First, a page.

Twitter: Singing in the Rain

Twitter: Paul Singer vs. Jack Dorsey

Published: December 2021 (updated)
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Barely two years after becoming a major Twitter shareholder, US hedge fund billionaire Paul Elliott Singer has managed to oust Twitter CEO Jack Dorsey. For Twitter users, this will likely mean more aggressive advertising and more political censorship. How can advanced Twitter users respond to this development? Ten suggestions.

1. Use a Twitter alternative

To avoid political censorship, use a free speech friendly and privacy-focused social network, messaging app, or video sharing platform alternative. This is especially important if you run a major Twitter account that challenges establishment narratives. To avoid getting purged by the Twitter algorithm, consider following some establishment figures or media outlets.

Twitter account suspended

2. Use an ad blocker

To avoid getting tracked and profiled, use an ad and tracking blocker on all of your devices (including cellphones). By the end of 2020, there were about a quarter of a billion desktop adblock users and more than half a billion mobile adblock users. To support high-quality journalism and dedicated authors, disable the ad blocker on their websites or donate to them directly.

Global Adblock Penetration (PageFair)

3. Use the Nitter front-end

Twitter is increasingly forcing visitors to sign up and log in to just view Tweets (a monitoring and monetization strategy copied from Facebook and Instagram). To avoid this, use the open-source Twitter front-end To automatically open Twitter links by Nitter instead of Twitter, use a Nitter redirect browser extension.

Twitter: Forced sign-up and log-in

4. Show hidden replies

Twitter is increasingly hiding contrarian replies, pretending they are “not relevant” or “offensive”. To automatically show hidden Twitter replies, use the Twitter View More Replies browser extension. To do so, first install the Tampermonkey browser extension.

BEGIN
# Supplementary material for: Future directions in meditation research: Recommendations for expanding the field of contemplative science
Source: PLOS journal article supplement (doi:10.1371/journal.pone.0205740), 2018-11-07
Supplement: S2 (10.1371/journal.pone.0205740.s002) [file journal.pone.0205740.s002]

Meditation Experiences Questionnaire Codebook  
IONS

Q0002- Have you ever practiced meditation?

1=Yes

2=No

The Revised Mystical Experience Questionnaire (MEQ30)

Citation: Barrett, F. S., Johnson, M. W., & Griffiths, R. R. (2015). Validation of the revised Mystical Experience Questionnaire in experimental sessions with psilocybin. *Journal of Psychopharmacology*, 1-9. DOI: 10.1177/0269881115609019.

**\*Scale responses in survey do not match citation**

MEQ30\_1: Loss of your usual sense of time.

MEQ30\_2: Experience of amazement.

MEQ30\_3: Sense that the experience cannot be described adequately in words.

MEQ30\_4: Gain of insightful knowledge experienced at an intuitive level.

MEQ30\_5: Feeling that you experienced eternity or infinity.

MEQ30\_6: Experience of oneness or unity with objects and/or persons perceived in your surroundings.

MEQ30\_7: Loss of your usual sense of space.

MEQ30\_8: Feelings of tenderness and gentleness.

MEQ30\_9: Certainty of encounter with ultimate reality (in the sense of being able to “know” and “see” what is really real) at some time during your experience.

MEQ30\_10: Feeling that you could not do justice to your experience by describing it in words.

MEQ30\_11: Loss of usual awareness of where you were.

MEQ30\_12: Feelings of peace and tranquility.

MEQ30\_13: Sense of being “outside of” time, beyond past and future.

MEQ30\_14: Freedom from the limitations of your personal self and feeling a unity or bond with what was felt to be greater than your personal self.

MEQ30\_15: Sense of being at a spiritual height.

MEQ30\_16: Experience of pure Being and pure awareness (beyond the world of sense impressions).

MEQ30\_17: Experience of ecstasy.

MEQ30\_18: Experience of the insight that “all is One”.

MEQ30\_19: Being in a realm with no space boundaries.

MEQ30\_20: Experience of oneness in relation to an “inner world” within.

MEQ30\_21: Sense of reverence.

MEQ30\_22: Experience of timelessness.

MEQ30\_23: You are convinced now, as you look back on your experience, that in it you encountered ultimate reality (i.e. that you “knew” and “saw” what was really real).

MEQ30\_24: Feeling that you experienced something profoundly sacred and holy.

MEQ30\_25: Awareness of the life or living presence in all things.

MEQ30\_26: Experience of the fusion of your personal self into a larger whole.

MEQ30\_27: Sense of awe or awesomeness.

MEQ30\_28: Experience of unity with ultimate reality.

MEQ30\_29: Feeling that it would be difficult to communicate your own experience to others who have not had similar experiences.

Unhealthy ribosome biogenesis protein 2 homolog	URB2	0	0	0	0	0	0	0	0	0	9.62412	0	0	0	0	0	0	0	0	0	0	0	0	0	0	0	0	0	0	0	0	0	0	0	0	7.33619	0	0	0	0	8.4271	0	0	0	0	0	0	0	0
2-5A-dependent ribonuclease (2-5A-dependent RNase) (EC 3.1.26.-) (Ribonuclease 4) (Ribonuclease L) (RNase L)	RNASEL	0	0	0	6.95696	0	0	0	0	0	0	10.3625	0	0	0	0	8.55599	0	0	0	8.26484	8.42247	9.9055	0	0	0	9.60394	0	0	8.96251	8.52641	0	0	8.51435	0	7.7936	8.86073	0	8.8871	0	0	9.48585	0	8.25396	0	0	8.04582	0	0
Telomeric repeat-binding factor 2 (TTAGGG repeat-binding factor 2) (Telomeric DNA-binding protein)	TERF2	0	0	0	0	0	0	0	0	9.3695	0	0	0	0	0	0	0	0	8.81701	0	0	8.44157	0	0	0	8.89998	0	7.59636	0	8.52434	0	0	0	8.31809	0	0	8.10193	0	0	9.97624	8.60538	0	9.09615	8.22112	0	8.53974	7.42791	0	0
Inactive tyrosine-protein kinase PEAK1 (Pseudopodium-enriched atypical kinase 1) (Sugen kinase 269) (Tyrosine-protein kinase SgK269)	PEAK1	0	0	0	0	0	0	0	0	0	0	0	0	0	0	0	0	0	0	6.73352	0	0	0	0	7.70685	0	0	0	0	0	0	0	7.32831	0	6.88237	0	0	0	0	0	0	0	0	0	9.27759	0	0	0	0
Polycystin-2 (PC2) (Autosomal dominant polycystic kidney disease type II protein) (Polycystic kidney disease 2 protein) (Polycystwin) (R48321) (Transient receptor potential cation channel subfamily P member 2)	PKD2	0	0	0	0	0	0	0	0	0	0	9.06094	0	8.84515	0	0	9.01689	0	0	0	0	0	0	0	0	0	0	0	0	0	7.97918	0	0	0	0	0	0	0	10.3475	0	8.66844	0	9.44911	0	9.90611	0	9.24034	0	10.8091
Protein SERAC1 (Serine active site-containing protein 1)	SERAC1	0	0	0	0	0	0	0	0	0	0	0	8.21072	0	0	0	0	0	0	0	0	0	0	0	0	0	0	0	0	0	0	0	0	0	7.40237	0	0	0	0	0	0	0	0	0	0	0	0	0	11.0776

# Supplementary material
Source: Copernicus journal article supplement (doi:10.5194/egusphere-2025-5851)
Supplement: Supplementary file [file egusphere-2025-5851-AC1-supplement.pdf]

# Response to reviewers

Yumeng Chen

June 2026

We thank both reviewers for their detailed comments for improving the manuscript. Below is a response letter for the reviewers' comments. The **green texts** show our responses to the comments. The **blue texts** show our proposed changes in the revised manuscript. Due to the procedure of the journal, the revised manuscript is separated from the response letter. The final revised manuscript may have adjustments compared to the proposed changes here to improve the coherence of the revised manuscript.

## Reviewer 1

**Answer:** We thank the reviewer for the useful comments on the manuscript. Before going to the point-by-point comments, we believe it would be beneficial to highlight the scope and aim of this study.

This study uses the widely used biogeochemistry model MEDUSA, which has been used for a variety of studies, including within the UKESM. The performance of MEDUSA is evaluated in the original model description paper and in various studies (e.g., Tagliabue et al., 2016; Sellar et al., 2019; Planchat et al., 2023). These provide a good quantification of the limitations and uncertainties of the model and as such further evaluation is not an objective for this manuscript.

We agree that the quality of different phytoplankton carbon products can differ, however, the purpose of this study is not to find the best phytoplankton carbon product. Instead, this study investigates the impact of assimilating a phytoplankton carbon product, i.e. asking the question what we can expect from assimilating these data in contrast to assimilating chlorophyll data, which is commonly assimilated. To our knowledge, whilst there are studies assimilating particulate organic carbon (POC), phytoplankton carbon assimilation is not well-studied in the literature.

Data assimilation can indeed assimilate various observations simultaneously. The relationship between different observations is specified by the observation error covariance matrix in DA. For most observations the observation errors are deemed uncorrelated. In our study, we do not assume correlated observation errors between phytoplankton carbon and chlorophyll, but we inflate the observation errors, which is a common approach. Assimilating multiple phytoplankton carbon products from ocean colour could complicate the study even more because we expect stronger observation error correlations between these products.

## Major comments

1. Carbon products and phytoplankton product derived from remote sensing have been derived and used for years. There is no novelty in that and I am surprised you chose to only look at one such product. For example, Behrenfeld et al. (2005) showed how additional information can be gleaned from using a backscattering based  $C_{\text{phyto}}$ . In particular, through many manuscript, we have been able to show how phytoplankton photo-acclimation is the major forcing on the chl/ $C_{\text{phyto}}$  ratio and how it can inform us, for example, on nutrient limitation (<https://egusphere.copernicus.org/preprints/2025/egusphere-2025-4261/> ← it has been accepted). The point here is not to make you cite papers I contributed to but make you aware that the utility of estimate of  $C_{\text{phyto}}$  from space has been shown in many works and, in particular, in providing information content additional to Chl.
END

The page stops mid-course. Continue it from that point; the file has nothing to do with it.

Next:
Twitter: Show hidden replies

5. Bypass “unsafe link” warnings

To bypass the “unsafe link” warnings (mostly used to censor “politically unsafe” websites), use the Skip Redirect browser addon (Chrome version) and add*

Politically unsafe: The OffGuardian

6. Hide warning labels and “fact checks”

To hide dubious “warning labels” and “fact checks” appended to Tweets, use the element picker of your ad blocker and simply remove them for good.

Misleading: a Twitter warning

7. Use advanced search

In stark contrast to Facebook and YouTube, Twitter still has a mostly uncensored search function. To search for specific Tweets or media, use the advanced search function.

Twitter advanced search function

8. Beware of bots and spooks

Twitter is notoriously infested with trolls, bots, fake followers and spooks. During the covid pandemic, various bot networks promoted lockdowns and other restrictions. In 2018, US cyber security contractors were caught faking a “Russian botnet” to influence a US state senate race. In 2019, a senior Twitter executive was exposed as a British Army psyops officer.

To identify potential bot accounts, use the Indiana University Botometer tool.

“Chinese” Twitter bots promoting lockdowns (MPS)

9. Easily download videos

To easily download videos on Twitter, use Twitter Video Downloader or a similar tool.

Twitter video downloader

10. Disable video autoplay

To disable obtrusive and distracting video autoplay on Twitter, follow this tutorial or install a browser extension to disable GIF and video autoplay for good.

Bonus: Hide childish emojis

Twitter is a great platform to rapidly exchange ideas, but it may also be a rather toxic environment. To hide some or all emojis on Twitter, use the element picker of your ad blocker to remove them or simply add ||*.svg$image as a new filter rule. You will be surprised how many people have nothing at all to say.


See also

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